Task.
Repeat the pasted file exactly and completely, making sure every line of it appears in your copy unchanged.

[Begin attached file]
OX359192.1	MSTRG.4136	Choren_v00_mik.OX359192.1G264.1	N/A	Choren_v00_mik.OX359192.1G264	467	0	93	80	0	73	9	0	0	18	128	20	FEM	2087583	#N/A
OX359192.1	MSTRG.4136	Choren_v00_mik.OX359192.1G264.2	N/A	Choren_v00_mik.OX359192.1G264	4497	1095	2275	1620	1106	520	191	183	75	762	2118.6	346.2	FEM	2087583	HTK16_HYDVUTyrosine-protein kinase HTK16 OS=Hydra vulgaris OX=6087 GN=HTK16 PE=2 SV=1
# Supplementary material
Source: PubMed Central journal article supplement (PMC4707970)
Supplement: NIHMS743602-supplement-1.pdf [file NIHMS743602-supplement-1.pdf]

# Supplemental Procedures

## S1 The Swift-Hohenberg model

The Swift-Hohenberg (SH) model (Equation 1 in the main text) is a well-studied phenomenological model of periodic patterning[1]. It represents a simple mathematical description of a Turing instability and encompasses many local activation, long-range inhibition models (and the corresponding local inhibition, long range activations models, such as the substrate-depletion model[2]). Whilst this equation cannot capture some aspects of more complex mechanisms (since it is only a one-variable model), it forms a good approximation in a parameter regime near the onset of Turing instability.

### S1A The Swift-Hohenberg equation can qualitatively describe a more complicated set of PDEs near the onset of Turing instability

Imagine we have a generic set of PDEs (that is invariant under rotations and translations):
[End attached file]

OX359192.1	MSTRG.4136	Choren_v00_mik.OX359192.1G264.1	N/A	Choren_v00_mik.OX359192.1G264	467	0	93	80	0	73	9	0	0	18	128	20	FEM	2087583	#N/A
OX359192.1	MSTRG.4136	Choren_v00_mik.OX359192.1G264.2	N/A	Choren_v00_mik.OX359192.1G264	4497	1095	2275	1620	1106	520	191	183	75	762	2118.6	346.2	FEM	2087583	HTK16_HYDVUTyrosine-protein kinase HTK16 OS=Hydra vulgaris OX=6087 GN=HTK16 PE=2 SV=1
# Supplementary material
Source: PubMed Central journal article supplement (PMC4707970)
Supplement: NIHMS743602-supplement-1.pdf [file NIHMS743602-supplement-1.pdf]

# Supplemental Procedures

## S1 The Swift-Hohenberg model

The Swift-Hohenberg (SH) model (Equation 1 in the main text) is a well-studied phenomenological model of periodic patterning[1]. It represents a simple mathematical description of a Turing instability and encompasses many local activation, long-range inhibition models (and the corresponding local inhibition, long range activations models, such as the substrate-depletion model[2]). Whilst this equation cannot capture some aspects of more complex mechanisms (since it is only a one-variable model), it forms a good approximation in a parameter regime near the onset of Turing instability.

### S1A The Swift-Hohenberg equation can qualitatively describe a more complicated set of PDEs near the onset of Turing instability

Imagine we have a generic set of PDEs (that is invariant under rotations and translations):